Article Text

Download PDFPDF
Review of experimental and quasi-experimental studies finds that mindfulness-based interventions are more effective than standard care for reducing depressive symptoms in adults with mental disorders
  1. Steven Jay Lynn,
  2. Liam P Condon
  1. Department of Psychology, Binghamton University, Binghamton, New York, USA
  1. Correspondence to: Steven Jay Lynn
    Department of Psychology, Binghamton University, P.O. Box 6000, Binghamton, NY 13902, USA; stevenlynn100{at}

Statistics from

Request Permissions

If you wish to reuse any or all of this article please use the link below which will take you to the Copyright Clearance Center’s RightsLink service. You will be able to get a quick price and instant permission to reuse the content in many different ways.

Commentary on: OpenUrlCrossRefPubMed

Implications for practice and research

  • The findings highlight the use of meta-analysis as a valuable tool to evaluate mindfulness interventions.

  • The research provides substantial support for mindfulness approaches in treating depression in the context of other symptoms and disorders.

  • Evidence-based indications for practice are crucial given that up to 75% of patients with depression do not receive treatments based on scientific evidence.1


Depression is one of the most common psychological disorders and is frequently comorbid with other psychiatric conditions. Mindfulness-based interventions have become increasingly popular mainstays of treatment and adjuncts to empirically established therapies.


The authors performed a meta-analysis of 39 studies across nine countries involving 1847 participants with depression that typically occurred in the context of other disorders or conditions. Ten mindfulness-interventions permitted the calculation of 105 effect sizes.


The most impressive effect sizes were for exposure based cognitive therapy (d = 2.09), followed by mindfulness-based stress reduction (d = 1.92), acceptance-based behaviour therapy (d = 1.33), and stress less with mindfulness (d = 1.31). Effect sizes were associated with intervention length but not methodological quality.


A problem in interpreting the meta-analysis is that mindfulness is typically combined with other interventions (eg, hatha yoga, exposure therapy) so its unique contribution to treatment is difficult to assess. Conclusions about the impact of mindfulness are limited in the absence of dismantling studies that examine the unique contribution of mindfulness versus other treatment components. Moreover, studies typically do not evaluate theories or mechanisms of change. Nor do they assay mindfulness over the course of treatment and document a link between mechanism and outcome, thereby calling for caution in making causal inferences about mindfulness versus nonspecific effects in explaining treatment gains.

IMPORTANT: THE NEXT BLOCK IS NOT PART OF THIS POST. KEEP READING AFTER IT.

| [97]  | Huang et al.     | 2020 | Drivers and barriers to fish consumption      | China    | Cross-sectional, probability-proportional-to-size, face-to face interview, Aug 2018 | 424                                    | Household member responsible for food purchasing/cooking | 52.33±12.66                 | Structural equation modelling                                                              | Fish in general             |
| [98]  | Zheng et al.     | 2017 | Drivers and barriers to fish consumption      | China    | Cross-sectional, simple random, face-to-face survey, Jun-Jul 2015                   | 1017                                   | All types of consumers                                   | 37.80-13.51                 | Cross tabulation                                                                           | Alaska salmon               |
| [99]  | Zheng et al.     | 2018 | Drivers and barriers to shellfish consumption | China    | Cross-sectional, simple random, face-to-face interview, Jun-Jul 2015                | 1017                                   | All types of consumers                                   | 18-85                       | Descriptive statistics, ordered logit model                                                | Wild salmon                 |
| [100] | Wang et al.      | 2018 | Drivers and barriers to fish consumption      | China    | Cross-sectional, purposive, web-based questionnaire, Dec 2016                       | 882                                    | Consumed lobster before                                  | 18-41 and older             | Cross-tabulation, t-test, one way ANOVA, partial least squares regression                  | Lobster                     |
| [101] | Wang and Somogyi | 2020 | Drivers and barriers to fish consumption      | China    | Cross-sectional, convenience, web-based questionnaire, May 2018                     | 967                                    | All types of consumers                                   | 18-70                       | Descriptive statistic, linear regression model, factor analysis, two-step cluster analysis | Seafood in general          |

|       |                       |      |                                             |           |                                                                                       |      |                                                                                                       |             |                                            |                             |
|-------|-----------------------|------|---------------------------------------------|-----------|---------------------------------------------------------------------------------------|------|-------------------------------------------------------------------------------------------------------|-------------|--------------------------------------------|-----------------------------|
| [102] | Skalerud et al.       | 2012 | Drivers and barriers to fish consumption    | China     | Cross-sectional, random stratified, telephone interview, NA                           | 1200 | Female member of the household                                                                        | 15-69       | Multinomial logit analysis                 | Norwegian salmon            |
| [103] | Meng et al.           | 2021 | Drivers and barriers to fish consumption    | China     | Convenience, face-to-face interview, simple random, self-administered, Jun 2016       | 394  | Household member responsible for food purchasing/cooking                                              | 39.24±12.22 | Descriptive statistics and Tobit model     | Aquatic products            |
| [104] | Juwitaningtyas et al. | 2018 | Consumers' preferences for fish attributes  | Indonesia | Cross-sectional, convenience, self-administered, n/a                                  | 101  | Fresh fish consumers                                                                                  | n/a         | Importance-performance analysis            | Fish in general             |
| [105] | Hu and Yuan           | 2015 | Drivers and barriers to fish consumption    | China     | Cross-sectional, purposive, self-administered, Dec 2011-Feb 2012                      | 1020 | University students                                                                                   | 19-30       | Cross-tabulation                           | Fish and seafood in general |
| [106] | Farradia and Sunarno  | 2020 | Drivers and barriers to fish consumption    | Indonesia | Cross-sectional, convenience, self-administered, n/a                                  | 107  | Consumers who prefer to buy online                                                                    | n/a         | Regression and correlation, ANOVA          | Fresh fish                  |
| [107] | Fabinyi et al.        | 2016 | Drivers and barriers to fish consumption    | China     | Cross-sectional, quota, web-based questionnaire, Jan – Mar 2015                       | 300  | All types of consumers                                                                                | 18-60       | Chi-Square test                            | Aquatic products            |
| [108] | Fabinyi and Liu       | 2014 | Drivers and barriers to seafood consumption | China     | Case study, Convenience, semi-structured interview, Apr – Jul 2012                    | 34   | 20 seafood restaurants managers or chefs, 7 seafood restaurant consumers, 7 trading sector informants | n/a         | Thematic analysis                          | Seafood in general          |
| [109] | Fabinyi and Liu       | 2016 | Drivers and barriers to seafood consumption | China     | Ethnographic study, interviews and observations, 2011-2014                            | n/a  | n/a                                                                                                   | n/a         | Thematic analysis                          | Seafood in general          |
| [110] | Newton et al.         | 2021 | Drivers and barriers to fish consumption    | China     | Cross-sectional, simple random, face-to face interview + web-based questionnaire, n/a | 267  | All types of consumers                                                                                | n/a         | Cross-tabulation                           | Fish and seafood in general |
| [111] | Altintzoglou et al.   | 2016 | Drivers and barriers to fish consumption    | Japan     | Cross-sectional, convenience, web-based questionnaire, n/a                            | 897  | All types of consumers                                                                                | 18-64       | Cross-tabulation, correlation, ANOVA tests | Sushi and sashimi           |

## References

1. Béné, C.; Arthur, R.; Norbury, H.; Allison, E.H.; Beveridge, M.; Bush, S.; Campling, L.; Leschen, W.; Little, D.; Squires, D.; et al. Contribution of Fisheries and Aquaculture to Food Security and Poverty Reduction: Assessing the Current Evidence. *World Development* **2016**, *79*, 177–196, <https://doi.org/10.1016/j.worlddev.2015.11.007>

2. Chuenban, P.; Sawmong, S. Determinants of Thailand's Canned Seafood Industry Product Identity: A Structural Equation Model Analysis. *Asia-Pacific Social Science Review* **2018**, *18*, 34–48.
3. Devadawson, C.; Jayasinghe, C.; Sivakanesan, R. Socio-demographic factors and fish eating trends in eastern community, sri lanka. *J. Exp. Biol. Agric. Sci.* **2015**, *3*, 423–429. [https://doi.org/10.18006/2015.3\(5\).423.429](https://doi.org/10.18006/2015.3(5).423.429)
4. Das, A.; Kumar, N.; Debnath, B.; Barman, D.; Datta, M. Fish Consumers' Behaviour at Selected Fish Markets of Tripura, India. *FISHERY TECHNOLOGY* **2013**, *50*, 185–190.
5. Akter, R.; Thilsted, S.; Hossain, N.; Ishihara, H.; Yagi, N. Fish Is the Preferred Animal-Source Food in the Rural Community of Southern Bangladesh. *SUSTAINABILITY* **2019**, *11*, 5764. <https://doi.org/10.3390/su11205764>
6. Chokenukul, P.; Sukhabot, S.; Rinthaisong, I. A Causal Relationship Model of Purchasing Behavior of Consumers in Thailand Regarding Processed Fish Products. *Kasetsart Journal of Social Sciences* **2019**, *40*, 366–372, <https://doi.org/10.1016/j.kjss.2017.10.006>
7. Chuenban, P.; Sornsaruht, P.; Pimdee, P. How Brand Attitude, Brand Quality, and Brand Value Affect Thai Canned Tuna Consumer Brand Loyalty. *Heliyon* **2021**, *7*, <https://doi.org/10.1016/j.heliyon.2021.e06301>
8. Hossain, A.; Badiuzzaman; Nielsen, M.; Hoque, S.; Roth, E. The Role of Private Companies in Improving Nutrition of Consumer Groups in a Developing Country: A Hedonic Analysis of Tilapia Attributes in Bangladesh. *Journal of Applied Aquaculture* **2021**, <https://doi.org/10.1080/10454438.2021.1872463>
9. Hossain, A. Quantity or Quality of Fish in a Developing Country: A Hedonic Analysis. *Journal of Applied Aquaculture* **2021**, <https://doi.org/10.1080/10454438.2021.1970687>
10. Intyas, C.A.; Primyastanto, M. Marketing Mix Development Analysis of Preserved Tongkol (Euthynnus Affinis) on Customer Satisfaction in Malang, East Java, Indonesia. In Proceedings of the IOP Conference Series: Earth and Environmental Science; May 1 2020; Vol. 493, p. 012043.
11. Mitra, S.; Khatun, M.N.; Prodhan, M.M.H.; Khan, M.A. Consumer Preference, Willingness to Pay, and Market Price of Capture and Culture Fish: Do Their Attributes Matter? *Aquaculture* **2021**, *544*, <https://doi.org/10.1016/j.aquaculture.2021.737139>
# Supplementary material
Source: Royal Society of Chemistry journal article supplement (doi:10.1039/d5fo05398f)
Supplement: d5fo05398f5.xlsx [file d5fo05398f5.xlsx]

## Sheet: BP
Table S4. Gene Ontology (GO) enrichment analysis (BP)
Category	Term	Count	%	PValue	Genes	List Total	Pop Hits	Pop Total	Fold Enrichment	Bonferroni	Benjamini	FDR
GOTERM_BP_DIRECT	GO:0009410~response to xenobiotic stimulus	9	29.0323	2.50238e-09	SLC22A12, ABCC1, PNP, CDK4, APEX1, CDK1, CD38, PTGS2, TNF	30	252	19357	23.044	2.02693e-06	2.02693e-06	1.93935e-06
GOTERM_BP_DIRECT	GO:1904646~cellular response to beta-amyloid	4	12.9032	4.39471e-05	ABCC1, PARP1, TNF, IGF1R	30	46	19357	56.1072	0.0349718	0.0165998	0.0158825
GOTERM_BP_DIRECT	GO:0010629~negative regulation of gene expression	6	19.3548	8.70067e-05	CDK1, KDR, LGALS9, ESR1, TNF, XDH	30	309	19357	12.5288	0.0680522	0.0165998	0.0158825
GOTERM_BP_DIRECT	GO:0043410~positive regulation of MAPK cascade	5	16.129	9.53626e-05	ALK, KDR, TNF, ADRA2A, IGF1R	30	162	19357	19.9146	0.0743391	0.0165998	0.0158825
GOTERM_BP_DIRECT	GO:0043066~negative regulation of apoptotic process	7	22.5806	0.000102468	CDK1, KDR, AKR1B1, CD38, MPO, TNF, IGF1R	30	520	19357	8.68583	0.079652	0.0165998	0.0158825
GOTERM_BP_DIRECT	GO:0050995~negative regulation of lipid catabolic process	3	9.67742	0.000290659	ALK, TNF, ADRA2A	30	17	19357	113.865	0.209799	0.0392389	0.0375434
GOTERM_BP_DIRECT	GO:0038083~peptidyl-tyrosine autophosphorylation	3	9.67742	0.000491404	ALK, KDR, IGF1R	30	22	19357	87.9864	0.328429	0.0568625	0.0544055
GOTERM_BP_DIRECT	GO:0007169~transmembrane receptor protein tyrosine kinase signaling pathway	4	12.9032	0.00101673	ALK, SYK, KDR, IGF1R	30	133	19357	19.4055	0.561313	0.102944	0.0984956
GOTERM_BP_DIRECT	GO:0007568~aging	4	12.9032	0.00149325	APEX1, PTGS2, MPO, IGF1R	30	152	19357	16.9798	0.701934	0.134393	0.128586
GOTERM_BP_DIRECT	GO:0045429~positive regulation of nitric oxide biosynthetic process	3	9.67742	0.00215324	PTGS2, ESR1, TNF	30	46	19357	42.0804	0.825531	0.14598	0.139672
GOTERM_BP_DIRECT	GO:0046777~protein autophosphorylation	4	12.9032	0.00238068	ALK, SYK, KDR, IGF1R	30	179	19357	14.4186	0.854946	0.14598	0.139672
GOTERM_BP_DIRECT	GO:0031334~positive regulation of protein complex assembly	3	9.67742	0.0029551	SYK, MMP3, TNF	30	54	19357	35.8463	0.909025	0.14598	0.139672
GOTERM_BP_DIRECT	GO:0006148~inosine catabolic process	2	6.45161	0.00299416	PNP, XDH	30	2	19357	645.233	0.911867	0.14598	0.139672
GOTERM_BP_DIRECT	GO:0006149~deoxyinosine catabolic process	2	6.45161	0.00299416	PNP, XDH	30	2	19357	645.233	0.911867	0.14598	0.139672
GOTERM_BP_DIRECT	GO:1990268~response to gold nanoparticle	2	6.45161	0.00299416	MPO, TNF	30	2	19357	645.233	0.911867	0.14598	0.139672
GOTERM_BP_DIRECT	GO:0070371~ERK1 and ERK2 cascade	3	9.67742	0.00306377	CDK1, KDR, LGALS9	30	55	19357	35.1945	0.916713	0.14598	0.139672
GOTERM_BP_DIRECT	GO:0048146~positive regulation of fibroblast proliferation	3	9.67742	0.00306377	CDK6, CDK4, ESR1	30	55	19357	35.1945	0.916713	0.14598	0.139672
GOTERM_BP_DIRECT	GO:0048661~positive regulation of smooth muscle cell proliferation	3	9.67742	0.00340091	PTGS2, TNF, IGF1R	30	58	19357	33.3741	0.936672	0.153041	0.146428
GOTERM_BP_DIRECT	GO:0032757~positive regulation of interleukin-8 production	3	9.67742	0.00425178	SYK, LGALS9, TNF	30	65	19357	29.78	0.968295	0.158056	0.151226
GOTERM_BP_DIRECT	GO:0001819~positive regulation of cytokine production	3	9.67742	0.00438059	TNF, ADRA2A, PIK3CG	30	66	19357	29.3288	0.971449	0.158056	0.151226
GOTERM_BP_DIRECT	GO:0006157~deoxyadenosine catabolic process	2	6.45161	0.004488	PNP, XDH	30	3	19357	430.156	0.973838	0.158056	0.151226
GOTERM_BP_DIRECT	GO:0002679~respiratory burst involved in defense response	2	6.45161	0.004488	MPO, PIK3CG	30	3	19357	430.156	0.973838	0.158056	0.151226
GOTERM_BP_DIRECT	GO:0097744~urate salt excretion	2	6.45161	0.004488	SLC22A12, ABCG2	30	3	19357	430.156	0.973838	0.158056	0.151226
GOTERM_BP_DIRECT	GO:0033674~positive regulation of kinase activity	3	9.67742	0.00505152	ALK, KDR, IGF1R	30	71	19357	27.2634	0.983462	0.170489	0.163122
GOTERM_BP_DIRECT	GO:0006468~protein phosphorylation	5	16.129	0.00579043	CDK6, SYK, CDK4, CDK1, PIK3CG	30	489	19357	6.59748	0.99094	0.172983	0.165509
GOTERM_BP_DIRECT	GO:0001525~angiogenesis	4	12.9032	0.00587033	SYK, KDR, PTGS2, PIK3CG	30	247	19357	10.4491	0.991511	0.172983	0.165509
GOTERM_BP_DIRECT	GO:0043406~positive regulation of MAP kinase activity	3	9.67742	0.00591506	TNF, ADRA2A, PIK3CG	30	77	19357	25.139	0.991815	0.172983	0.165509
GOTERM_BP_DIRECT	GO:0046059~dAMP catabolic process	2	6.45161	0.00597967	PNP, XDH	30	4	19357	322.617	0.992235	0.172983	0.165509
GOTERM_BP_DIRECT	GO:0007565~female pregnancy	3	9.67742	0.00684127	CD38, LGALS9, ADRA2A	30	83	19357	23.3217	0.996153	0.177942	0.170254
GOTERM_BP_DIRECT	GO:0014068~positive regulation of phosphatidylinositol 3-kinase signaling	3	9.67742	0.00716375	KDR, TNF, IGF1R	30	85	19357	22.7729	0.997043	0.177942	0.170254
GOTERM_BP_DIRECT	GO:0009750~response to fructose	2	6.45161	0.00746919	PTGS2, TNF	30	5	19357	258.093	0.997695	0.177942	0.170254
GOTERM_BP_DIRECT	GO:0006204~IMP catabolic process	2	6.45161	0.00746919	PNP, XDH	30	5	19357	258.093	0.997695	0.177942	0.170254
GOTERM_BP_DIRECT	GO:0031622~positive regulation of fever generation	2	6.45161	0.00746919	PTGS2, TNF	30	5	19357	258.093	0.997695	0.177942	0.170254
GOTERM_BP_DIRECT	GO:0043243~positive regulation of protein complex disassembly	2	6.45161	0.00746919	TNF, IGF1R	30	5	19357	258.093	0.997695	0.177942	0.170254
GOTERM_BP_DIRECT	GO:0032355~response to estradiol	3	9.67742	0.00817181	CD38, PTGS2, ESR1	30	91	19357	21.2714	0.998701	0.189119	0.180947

Interventions represented in the meta-analysis differ in how they define and teach mindfulness (e.g., concentration meditation, loving-kindness meditation), which may account for different outcomes across studies. For example, the authors contend that mindfulness interventions ‘aim to help the individuals relax their minds and, therefore, achieve a state of calmness, peace, and happiness’. However, a relaxed mind is not prerequisite to successful mindfulness practice, as most definitions emphasise non-judgement and acceptance, regardless of the level of relaxation achieved.

The author-created 11-item Quality Rating Index summed possible indicators of strength of treatment methodology. However, some items are arguably more important to methodological integrity (eg, double-blinded procedure) than others that pertain to the description of the methodology (eg, clear definition of measures, description of statistical analyses). Accordingly, the relation between methodology and outcome will likely vary as a function of the variables selected or combined for analysis.

The authors allude to adverse effects (eg, psychotic features, impaired reality testing, anxiety) following mindfulness interventions. However, caveats in this regard should be balanced with the appreciation for the fact that such experiences may have been present prior to treatment, and it may be difficult to pinpoint the cause of adverse effects in multi-component treatments.

The odds patients will present with more than one diagnosis are quite high.2 Accordingly, the meta-analysis, which considers depression in the context of other psychiatric disorders, is in keeping with the current move toward transdiagnostic approaches. Indeed, it is often imperative that clinicians address more than one disorder, as shared underlying vulnerabilities across disorders, functional relationships among disorders, or other systematic covariates call for addressing multiple symptoms.

That said, the effect sizes reported by Klanin-Yobas and colleagues may be confounded with: (a) the unique combination and interaction of symptoms treated that vary across studies; (b) the recalcitrance of treating certain disorders relative to others; and (c) the fact that comorbid depression may be particularly likely to inhibit treatment success in the presence of certain disorders such as ADHD.3 Knowledge of whether treatment effects were clinically significant (eg, fewer patients diagnosed with major depression) would be useful to practicing clinicians. Still, by informing readers about the efficacy of mindfulness in treating depression in the context of other symptoms and disorders, the authors have provided valuable input regarding a question of paramount interest to practitioners and researchers alike: ‘What works, for whom, and under what conditions?’


Reed Maxwell and Anne Malaktaris made substantial contributions to this commentary.



  • Competing interests None.